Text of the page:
Ahmed Wali Karzai

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Banaras Khan / AFP / Getty

Ahmed Wali Karzai, brother of Afghan President Hamid Karzai, prays with the President's supporters at a gathering in Kandahar on Aug. 16, 2009

Since 2008, Ahmed Wali Karzai has been getting nearly more ink than even his brother, Hamid (Afghanistan's president). Unfortunately, it's for all the wrong reasons. Whispers accusing Ahmed Wali Karzai of corruption are nothing new, and nor are the allegations of his involvement in Afghanistan's drug trade. Allegations about Ahmed Wali Karzai have often featured prominently in complaints of corruption against his brother's government. But the report claiming that Karzai is on the payroll of the Central Intelligence Agency might be the biggest headline yet. The New York Times alleges that Karzai has been facilitating a CIA-bankrolled Afghan paramilitary force conducting raids on the Taliban around Kandahar. Although Karzai fiercely denies the allegations, the Times report feeds skepticism over the direction of U.S. efforts in the increasingly volatile country.

Fast Facts:
• Born in the southern Afghani city of Karz in 1961. Has a sister and six brothers, including the current Afghan president, Hamid Karzai.

• has, according to the New York Times, allegedly been paid by the C.I.A. since 2001, to perform tasks including helping grow the Kandahar Strike Force, a U.S.-friendly paramilitary group striking at the Taliban around Kandahar.

• In 2001, lived rent-free in a house owned by Haji Azizullah, a known Afghani trafficker in the international drug trade. Said he could not afford to move and was unaware of the connection.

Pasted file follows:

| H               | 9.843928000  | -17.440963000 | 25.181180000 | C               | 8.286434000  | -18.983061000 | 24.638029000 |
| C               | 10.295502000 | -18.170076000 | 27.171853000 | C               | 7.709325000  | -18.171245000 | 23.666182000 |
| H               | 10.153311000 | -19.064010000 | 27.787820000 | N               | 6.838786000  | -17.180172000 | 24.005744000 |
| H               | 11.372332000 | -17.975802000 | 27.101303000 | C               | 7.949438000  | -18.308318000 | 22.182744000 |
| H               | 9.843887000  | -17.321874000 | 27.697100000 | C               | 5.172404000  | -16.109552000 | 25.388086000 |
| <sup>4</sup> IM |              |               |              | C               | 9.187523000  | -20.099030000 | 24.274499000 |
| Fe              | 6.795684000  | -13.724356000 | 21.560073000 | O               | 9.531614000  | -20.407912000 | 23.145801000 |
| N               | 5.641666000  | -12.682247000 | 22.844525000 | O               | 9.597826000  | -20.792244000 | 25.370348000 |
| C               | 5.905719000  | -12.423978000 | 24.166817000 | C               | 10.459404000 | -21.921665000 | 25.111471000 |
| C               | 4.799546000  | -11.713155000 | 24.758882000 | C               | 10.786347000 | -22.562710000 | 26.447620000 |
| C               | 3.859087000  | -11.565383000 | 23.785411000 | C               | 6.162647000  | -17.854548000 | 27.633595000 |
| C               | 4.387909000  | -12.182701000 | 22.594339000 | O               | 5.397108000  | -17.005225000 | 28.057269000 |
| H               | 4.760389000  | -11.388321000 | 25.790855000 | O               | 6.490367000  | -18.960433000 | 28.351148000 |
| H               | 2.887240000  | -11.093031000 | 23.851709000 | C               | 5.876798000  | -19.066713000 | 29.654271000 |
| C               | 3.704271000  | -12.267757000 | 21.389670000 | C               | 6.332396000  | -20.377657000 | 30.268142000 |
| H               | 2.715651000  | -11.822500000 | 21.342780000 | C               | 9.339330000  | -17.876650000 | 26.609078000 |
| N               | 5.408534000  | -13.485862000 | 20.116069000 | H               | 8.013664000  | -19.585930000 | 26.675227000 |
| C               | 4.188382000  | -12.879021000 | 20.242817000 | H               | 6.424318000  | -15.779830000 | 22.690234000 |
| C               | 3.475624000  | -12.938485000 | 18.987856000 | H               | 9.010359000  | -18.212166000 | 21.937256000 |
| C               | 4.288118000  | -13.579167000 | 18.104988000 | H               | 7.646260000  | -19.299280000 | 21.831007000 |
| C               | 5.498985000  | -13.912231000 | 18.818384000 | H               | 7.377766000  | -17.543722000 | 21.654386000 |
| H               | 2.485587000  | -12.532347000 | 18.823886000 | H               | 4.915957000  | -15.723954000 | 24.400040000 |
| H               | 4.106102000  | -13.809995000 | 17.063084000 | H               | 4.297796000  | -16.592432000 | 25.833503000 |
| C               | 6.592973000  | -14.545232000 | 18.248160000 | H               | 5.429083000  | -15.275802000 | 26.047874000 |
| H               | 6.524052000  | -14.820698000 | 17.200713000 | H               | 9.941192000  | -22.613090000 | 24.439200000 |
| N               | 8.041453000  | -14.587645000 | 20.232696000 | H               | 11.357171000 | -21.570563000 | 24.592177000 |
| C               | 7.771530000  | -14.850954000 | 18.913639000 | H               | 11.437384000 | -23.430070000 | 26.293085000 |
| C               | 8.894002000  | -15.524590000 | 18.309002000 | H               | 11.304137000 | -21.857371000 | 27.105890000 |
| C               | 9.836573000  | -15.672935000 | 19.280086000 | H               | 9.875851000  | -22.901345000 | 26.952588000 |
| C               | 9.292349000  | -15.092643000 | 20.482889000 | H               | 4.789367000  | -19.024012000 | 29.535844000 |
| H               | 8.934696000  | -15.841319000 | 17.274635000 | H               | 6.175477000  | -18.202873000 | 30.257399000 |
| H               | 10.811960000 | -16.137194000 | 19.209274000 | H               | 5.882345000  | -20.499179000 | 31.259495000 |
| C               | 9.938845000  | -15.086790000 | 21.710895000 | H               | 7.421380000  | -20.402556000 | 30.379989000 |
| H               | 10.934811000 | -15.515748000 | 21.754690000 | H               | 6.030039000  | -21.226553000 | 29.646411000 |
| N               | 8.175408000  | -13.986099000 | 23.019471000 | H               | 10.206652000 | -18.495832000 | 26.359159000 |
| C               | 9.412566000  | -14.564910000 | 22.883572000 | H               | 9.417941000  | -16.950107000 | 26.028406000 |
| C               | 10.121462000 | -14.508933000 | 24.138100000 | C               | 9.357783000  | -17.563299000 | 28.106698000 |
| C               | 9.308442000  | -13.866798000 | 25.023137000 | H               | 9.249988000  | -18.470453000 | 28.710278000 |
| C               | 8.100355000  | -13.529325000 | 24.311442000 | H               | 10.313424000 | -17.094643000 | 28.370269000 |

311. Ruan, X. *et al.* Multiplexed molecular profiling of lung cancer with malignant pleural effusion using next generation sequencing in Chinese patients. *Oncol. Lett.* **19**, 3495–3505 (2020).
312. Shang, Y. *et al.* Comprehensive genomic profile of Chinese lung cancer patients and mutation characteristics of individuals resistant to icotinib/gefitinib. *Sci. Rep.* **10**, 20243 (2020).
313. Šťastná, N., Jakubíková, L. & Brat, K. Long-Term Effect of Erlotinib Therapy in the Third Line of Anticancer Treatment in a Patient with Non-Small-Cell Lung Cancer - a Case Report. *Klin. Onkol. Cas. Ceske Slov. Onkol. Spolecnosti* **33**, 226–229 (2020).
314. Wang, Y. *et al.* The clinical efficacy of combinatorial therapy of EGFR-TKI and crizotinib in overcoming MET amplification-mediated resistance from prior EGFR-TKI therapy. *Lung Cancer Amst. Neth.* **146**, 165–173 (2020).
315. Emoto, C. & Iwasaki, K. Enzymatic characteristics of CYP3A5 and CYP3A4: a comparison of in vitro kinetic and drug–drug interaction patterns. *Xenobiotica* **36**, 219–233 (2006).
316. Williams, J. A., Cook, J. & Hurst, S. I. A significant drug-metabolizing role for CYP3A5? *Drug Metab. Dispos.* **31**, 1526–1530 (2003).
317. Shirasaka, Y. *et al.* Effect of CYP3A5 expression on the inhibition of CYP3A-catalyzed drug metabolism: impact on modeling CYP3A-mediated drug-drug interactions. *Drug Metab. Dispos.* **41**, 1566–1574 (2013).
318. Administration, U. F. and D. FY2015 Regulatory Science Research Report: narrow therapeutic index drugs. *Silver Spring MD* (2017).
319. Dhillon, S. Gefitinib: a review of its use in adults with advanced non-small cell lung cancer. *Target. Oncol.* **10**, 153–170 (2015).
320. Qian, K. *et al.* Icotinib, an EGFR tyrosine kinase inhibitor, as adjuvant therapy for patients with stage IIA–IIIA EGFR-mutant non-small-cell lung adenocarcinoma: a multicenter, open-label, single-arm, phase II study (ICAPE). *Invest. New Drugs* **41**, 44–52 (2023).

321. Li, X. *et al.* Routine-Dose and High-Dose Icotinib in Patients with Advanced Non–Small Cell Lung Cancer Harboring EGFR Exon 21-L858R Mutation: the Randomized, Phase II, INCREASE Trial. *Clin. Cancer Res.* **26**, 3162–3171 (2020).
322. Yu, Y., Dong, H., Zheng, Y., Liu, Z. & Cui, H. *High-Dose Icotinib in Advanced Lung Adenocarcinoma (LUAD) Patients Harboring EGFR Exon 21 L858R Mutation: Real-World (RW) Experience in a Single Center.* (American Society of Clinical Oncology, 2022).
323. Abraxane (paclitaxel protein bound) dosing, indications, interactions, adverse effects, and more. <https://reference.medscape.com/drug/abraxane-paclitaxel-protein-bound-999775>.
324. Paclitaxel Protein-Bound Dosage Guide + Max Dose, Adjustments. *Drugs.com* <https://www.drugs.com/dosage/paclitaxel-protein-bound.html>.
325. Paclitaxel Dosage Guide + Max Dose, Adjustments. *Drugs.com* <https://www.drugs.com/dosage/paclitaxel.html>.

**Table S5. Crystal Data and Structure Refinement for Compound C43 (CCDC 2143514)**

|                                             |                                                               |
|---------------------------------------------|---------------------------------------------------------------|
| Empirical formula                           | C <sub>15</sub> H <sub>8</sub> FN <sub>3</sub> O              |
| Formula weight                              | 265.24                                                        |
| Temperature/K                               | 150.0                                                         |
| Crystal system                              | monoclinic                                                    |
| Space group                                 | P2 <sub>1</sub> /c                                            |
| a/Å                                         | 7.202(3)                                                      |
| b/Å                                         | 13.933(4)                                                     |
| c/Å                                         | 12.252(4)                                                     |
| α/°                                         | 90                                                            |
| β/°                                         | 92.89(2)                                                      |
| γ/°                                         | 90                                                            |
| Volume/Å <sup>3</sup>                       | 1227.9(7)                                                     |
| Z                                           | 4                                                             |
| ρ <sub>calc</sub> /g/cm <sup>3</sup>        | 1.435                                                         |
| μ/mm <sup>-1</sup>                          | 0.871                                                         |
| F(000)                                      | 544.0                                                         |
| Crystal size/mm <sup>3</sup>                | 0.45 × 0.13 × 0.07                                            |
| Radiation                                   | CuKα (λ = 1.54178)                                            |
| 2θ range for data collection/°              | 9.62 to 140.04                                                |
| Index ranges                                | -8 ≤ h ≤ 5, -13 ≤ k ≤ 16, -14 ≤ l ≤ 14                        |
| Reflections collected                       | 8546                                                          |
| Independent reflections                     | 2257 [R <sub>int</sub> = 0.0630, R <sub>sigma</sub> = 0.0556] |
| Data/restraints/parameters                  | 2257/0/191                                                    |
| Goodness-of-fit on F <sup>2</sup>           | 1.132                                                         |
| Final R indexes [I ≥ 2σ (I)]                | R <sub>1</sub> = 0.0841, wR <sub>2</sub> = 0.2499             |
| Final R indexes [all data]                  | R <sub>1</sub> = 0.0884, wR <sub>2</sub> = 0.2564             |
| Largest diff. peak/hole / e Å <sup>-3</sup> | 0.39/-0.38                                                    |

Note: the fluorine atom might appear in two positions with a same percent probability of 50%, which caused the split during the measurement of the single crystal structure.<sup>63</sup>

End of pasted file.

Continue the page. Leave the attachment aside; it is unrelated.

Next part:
• Member of the Kandahar Provincial Council, the local governing body for the region, since 2005. Currently the council's chief.

• Openly accused in the Afghani parliament in 2007 of being involved in the international drug trade.

• Was recommended in 2007 for an ambassadorial post abroad by then-U.S. ambassador Ronald Neumann, as a way for President Karzai to avoid political embarrassment.

• Was absent when the offices of the provincial council were bombed by five suicide bombers on April 1, in an attack that killed 13. The offices were previously bombed in Nov. 2008, in an attack that killed six.

• Said he escaped a Taliban assassination attempt on his motorcade in May 2009.

• Claims to have brokered an election truce with the Taliban in Kandahar ahead of the Aug. 2009 presidential election.

• Accused of orchestrating voter fraud in his brother's favor near Kandahar during the presidential election. Opponents suggested Karzai shut down polling places and stuffed ballot boxes in areas where opposition to Hamid Karzai was heavy.

Quotes About:
"It's no secret about Wali Karzai and drugs. A lot of people in the Afghan government are involved in drug trafficking."
U.S. informant Hajji Aman Kheri, alleging Karzai's involvement in the heroin trade (New York Times, Oct. 4, 2008)

"That is complete nonsense. Ahmad Wali was already accused of dealing in drugs. I investigated it thoroughly: naturally, none of it is true."
Hamid Karzai, denying Wali Karzai's involvement in the drug trade (Der Spiegel, May 2008).

"We don't have the kind of hard, direct evidence that you could take to get a criminal indictment. That allows [Hamid] Karzai to say, 'where's your proof?'"
A Bush White House official on the difficulties of trying to get President Karzi to look into his brother Wali Karzai's alleged involvement in the drug trade. (New York Times, Oct. 4, 2008)

"I have requested from our intelligence sources and law enforcement folks the smoking gun, the evidence ... Nobody has (produced it),"
Senator John Kerry on the Karzai allegations. (Reuters, Oct. 26, 2009)

Quotes By:
"I am not a drug dealer, I never was and I never will be. I am a victim of vicious politics."
Denying his involvement in Afghanistan's $4 billion a year drug trade (New York Times, Oct. 4, 2008)

"I don't know anyone under the name of the C.I.A. I have never received any money from any organization. I help, definitely. I help other Americans wherever I can. This is my duty as an Afghan."
Denying his paid involvement with the C.I.A (New York Times, Oct. 27)